Some analysts say that with tougher data protection laws, such as one that recently took effect in Massachusetts, the iPad deserves an “F” for security readiness for financial services companies and other federally regulated industries.

But that view contrasts with the opinion of other security professionals who give the iPad a “B” grade for overall enterprise readiness. One of them, Wolfgang Kandek, CTO for security firm Qualys, predicted today that “the iPad will make its inroad into the enterprise just by force of users, and it’s going to be a really interesting conundrum for IT managers. I don’t think the iPad is ready today, but it will make it’s way into the enterprise even as it clashes with the typical enterprise IT mentality.”

The iPad will come crashing into the enterprise on the hands of average workers, the same way the iPhone did, Forrester Research analyst Ted Schadler said in a earlier blog.

Some information about iPad’s security features is apparently not well-known, leading to more suspicions than the device deserves. Some industry analysts interviewed today were unaware that the iPad ships with a native IPSec VPN from Cisco Systems Inc. One analyst said there is wide speculation on the Web that a third-party VPN would not be supported, calling into question whether data transmissions would be secure.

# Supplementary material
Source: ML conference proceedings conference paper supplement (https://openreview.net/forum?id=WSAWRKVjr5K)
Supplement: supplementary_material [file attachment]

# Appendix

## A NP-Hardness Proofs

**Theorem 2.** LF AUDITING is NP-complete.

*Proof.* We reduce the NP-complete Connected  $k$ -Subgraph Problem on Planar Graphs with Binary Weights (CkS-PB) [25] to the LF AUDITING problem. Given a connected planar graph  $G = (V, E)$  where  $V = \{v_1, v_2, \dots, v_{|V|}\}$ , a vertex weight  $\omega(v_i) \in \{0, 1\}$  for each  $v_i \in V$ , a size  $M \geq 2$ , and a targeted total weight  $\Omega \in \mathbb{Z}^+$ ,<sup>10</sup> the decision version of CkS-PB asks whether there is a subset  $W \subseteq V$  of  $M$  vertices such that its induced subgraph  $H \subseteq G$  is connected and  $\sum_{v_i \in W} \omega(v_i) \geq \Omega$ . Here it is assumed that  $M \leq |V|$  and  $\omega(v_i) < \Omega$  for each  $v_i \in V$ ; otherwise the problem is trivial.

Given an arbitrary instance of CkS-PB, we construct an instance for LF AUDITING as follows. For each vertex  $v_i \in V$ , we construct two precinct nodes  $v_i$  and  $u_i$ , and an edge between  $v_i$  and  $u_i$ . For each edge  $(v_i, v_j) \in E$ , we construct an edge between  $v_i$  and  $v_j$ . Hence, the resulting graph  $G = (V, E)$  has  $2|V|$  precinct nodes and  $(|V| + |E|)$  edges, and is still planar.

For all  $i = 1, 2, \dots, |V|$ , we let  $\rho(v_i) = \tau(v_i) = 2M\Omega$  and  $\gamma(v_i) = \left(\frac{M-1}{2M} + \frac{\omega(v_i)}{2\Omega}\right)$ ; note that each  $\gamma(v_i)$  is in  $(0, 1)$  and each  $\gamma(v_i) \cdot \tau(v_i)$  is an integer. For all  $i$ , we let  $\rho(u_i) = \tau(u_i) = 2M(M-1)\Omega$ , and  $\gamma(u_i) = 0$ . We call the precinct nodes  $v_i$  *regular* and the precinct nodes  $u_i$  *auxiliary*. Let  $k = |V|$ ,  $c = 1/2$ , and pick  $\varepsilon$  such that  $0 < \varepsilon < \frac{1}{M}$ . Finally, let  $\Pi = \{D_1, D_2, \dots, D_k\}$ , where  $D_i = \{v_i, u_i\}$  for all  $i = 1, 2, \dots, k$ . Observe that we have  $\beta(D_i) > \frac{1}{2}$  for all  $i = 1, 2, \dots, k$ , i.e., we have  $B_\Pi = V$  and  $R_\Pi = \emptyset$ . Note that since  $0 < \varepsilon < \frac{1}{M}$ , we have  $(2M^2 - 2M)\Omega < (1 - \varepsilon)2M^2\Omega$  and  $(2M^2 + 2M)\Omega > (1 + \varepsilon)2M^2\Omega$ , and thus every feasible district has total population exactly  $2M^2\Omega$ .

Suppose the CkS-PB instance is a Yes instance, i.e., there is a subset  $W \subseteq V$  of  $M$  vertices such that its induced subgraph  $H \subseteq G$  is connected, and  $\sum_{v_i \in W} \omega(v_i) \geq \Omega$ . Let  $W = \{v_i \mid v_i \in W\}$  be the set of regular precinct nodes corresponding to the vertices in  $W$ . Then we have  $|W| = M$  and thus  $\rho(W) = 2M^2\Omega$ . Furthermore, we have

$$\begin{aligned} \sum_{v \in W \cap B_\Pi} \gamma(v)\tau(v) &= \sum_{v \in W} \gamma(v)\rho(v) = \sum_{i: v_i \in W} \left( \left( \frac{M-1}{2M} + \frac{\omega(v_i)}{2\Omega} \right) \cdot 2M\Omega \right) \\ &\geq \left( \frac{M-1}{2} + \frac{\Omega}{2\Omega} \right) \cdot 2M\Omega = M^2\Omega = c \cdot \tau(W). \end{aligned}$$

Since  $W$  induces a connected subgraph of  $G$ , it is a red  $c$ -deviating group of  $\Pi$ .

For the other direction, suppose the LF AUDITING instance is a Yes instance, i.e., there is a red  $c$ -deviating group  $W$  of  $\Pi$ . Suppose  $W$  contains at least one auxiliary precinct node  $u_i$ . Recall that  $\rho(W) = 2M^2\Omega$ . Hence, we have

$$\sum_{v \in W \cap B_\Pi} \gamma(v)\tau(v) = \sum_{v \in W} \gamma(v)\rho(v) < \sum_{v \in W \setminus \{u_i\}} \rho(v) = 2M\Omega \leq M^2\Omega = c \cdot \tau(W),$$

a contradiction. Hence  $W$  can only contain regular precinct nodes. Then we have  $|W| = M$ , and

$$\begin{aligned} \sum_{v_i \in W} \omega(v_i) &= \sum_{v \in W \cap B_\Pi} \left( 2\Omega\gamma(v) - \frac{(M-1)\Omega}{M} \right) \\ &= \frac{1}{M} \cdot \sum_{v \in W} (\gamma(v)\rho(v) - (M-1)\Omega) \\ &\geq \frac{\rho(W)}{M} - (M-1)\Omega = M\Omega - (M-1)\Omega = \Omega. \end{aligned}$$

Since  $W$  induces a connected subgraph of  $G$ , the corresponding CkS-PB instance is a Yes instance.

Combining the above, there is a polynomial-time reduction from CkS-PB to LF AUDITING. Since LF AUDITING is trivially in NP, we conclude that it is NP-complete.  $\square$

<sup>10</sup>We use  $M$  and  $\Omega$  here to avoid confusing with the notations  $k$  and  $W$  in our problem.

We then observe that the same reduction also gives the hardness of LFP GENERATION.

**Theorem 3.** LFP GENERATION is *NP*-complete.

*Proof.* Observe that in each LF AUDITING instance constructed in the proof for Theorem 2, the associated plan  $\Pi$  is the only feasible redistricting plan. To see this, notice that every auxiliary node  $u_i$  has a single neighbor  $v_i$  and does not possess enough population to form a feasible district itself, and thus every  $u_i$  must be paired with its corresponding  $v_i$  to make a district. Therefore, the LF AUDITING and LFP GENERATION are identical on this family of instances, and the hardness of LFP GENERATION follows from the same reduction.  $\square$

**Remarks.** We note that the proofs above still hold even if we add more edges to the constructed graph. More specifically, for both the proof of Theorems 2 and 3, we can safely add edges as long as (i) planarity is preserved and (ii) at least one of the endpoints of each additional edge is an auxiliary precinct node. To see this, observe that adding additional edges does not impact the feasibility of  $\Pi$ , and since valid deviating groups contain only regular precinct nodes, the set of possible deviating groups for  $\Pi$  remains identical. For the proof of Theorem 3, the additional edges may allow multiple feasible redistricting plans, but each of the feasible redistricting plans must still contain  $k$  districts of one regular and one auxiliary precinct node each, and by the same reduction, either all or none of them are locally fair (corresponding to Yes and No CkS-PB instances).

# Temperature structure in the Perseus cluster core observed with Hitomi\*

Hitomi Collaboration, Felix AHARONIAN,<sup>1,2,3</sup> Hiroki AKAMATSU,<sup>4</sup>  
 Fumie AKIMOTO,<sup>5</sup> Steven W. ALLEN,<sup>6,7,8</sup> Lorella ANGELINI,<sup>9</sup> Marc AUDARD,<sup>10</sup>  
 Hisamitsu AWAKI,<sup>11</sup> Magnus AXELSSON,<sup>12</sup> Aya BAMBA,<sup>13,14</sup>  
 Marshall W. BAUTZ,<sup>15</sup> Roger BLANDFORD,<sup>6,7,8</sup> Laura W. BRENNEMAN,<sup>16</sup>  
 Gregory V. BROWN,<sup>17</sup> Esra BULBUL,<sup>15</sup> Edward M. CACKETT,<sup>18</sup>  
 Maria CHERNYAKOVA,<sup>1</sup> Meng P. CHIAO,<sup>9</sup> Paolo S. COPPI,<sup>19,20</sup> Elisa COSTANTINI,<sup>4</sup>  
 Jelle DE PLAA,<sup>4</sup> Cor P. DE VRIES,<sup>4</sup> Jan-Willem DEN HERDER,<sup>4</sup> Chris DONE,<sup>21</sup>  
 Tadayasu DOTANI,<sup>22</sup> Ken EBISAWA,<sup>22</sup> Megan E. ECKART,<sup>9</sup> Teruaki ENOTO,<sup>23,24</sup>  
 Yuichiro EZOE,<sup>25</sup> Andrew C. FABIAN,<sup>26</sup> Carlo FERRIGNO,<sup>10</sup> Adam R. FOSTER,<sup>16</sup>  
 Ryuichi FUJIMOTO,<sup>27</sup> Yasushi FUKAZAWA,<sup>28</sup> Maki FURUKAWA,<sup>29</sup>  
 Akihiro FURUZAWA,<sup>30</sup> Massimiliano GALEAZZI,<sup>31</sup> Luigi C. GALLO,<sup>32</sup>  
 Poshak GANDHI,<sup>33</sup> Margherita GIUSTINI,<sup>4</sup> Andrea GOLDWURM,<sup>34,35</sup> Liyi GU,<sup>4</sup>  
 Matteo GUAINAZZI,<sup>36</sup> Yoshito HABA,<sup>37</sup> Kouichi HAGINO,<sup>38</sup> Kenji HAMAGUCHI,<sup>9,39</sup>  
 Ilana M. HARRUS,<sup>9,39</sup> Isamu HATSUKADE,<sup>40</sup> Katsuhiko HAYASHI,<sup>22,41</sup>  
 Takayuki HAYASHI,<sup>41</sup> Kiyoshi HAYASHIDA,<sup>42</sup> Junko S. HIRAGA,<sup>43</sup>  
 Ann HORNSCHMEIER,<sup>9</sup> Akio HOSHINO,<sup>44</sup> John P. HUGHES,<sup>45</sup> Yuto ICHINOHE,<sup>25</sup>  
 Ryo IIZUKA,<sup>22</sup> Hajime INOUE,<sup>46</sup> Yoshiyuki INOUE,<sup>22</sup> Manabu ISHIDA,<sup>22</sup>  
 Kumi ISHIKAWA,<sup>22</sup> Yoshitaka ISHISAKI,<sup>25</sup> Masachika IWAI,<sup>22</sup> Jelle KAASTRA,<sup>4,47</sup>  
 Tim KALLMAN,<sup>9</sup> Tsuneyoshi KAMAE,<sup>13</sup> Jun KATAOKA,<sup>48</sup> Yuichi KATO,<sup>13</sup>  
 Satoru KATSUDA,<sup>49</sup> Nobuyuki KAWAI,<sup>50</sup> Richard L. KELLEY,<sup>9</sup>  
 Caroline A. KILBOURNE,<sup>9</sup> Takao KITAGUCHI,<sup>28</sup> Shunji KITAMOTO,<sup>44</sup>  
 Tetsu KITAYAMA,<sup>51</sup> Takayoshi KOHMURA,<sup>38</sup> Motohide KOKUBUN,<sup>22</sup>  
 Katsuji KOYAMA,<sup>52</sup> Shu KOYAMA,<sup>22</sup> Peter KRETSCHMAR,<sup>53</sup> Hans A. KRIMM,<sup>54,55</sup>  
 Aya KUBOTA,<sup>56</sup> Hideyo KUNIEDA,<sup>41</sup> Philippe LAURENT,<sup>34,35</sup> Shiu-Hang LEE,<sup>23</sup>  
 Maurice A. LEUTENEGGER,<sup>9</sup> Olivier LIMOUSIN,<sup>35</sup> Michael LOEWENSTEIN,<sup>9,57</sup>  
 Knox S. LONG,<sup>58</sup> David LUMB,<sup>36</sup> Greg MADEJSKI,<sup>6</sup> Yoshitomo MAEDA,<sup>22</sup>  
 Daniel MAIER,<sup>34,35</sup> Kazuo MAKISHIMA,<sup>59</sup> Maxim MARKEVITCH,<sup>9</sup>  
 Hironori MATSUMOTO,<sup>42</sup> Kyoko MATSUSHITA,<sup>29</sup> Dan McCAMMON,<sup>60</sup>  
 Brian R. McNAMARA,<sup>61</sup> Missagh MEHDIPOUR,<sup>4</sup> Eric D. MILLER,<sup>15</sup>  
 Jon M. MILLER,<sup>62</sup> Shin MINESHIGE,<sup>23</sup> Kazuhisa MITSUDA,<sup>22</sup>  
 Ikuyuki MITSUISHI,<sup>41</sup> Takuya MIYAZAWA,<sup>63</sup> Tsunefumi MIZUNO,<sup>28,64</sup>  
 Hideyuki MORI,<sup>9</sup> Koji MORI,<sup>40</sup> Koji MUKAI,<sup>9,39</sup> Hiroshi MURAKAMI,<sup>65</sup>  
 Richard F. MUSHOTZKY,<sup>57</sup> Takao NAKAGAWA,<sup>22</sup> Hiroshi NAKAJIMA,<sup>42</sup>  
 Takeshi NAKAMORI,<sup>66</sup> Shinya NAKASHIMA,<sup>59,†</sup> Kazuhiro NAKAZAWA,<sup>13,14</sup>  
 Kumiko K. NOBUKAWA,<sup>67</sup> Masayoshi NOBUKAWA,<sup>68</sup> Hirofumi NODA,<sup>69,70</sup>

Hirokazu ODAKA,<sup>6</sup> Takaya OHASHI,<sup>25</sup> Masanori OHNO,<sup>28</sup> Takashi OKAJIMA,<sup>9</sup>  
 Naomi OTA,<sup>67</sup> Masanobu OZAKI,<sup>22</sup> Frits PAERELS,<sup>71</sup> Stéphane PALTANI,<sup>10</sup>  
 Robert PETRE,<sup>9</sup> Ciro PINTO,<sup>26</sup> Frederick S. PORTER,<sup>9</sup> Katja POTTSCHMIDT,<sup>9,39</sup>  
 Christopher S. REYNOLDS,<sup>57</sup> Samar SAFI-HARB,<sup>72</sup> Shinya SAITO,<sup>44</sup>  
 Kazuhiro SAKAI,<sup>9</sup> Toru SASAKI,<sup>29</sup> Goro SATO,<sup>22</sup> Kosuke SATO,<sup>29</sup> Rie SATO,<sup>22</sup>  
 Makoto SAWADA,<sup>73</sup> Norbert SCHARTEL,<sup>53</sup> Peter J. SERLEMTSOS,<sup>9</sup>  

However, the Cisco IPSec VPN can be found in the iPad, along with a section to make settings for other L2TP and PPTP VPNs. All three are located under the setting icon and then under “networks” and likely require information from system administrators to be fully configured.

Even with the VPN for creating a tunnel to send data securely from place to place, analyst Jack Gold of J. Gold Associates questioned whether encryption of data stored on the iPad would be protected from from hackers.

Gold said some experts have demonstrated the ability to hack certain versions of the iPhone, which contains earlier versions of the OS used in the iPad, and also provides data encryption.

“Some of that encryption can be worked around, which means the iPad gets an ‘F’ from any regulated corporation that must protect data,” Gold said.

Gold said IT managers may be unaware of the stiff new Massachusetts data protection law that affects businesses working in the state and requires encryption of data on all kinds of devices.

Perhaps the iPad’s encryption would be sufficient to meet the conditions of the new law, but Gold said the iPad’s vulnerability to the same kind of hacks used to penetrate the iPhone suggests otherwise.

Regarding that related iPhone security, Gartner Inc. released a research note in February stating that early versions of the iPhone were vulnerable to jailbreaks. Even an Apple OS 3.1.3 update with firmware revisions for late-model iPhone 3GS devices could be vulnerable to “hackers [who] may discover new access methods,” the note said.